3 minute read
Interview: Danielle Woodward
I’m turning 50 next year and I feel fine about it. I have always embraced whatever life has thrown at me; it’s the only way to survive. In the past, dancers weren’t meant to have an interesting career after they retired, and I feel incredibly lucky that I’ve had the opportunity to diversify. I want to make people aware that just because you’ve studied one profession to the extreme, there is no reason why you can’t use your experience in another role.
Dance, and the perception of it, is changing, and my book, Evolved, is a celebration of creativity; it’s about finding an easy transition from that wonderful art into a more commercial world and using it in a good light. I worked with photographers and artists and realised that it was a way to bring dance to different audiences. A lot of hard work goes into making something look so beautiful, whether it’s a dance performance or beautiful photography, which is why I believe these art forms have survived.
People think living a disciplined life is restrictive, but it’s not; it’s empowering. You live a regimented life as a ballet dancer, but you’re constantly creative, because it affects how you express your emotions when you’re dancing. The boundaries are to do with the technique and how connected to the music you are. Although I grumbled about the rules at the time, looking back, I realise how valuable they were; they helped me to focus and be resilient.
Training as a ballerina taught me to use criticism constructively; if the teachers weren’t giving you criticism, it meant they didn’t think you had potential. The criticism helped you take a step in the right direction. My family were very supportive; my mum always encouraged me to pick myself up and keep going. Also, I realised that I had to make this work – there was no option to quit, as I had nothing else to fall back on. And I was very stubborn, which helped! I believe that you should never move on until you’ve made the most of something, whatever it is.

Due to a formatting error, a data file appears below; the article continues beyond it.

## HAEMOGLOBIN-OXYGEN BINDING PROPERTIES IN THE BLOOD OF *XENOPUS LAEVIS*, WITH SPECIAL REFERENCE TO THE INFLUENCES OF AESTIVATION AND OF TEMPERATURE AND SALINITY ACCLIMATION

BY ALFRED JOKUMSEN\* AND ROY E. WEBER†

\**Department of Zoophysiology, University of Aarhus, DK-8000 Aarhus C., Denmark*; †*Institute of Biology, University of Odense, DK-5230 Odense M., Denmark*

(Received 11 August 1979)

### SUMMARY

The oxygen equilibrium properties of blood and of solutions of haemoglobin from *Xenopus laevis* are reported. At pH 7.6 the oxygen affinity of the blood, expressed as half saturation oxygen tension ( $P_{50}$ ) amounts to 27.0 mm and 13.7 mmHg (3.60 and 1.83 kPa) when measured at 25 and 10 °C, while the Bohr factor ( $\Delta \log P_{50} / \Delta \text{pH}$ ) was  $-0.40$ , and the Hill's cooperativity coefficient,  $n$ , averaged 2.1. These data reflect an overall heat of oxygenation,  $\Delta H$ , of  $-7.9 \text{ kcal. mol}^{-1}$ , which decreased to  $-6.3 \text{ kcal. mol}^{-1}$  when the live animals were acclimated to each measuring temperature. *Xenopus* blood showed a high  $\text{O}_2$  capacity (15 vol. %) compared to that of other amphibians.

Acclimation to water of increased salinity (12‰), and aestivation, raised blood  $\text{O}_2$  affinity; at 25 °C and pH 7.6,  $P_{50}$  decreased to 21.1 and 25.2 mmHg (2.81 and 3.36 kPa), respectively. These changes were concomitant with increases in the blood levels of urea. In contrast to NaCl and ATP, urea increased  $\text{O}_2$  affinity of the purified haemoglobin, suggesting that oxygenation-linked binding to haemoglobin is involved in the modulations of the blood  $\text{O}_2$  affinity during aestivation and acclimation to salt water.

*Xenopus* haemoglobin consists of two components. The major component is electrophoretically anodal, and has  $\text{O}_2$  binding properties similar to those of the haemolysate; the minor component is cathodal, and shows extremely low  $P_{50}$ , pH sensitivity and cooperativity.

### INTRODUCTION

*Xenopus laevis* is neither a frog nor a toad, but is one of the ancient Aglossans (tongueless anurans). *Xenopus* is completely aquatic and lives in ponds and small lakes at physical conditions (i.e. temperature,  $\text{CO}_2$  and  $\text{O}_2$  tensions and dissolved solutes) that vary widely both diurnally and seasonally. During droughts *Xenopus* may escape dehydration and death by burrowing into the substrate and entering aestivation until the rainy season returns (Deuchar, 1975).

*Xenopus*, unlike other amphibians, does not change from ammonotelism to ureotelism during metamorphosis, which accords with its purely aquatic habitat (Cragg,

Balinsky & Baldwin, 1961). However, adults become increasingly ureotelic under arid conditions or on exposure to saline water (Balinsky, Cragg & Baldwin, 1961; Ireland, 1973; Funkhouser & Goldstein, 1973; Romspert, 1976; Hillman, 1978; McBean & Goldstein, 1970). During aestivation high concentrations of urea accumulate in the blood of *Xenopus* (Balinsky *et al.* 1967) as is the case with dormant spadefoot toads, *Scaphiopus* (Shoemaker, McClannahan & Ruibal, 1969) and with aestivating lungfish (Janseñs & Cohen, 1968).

It is a gruelling life, so you have to love it. My mum knew I had to be on stage, but ballet came quite late for me; I was 13 when I was sure I wanted to make a career of it. The drive to succeed has to come from you – someone else can’t be pushing you into it because, in the end, it’s you who has to do all the hard work and perform.
My training helps me deal with negativity now and also, when I had my children, I realised I wanted to be strong for them. Motherhood did make me feel more emotional and sensitive, but something about having kids empowers you to say, ‘Hang on, I’m not going to let them down. I’m not going to let them feel vulnerable just because I do.’
Being made principal ballerina at The Royal Ballet was a massive turning point; and at 20, I was the youngest principal they had at the time. As dancers, you are always looking ahead to the next step, and with each progression, you learn so much. Even though I was made principal young and was told I’d burn out quickly, my feet were firmly on the ground with all the years of training, so that wasn’t going to happen.
I’m passionate about getting dance fitness into state schools; accessible to all. It helps kids become socially active, and I’d love dance fitness to be a regular part of PE lessons. Dance shouldn’t be seen as a highly skilled art, or an extra-curricular club. I also think children should be doing a mandatory four PE lessons a week. It’s important that we learn balance in life. It’s not about extreme fitness or dieting; it’s about keeping our bodies and minds healthy and happy on a regular basis.
I feel honoured to be involved in Strictly; it’s an amazingly positive show with a great message – about the enjoyment of dance. It’s like being part of a West End dance company, putting on a great show every Saturday night. It’s fun to work with the other judges, too; we are all there to do our jobs well and maintain the integrity of being a judge but, of course, it’s an entertainment show and it’s live, which adds to the excitement!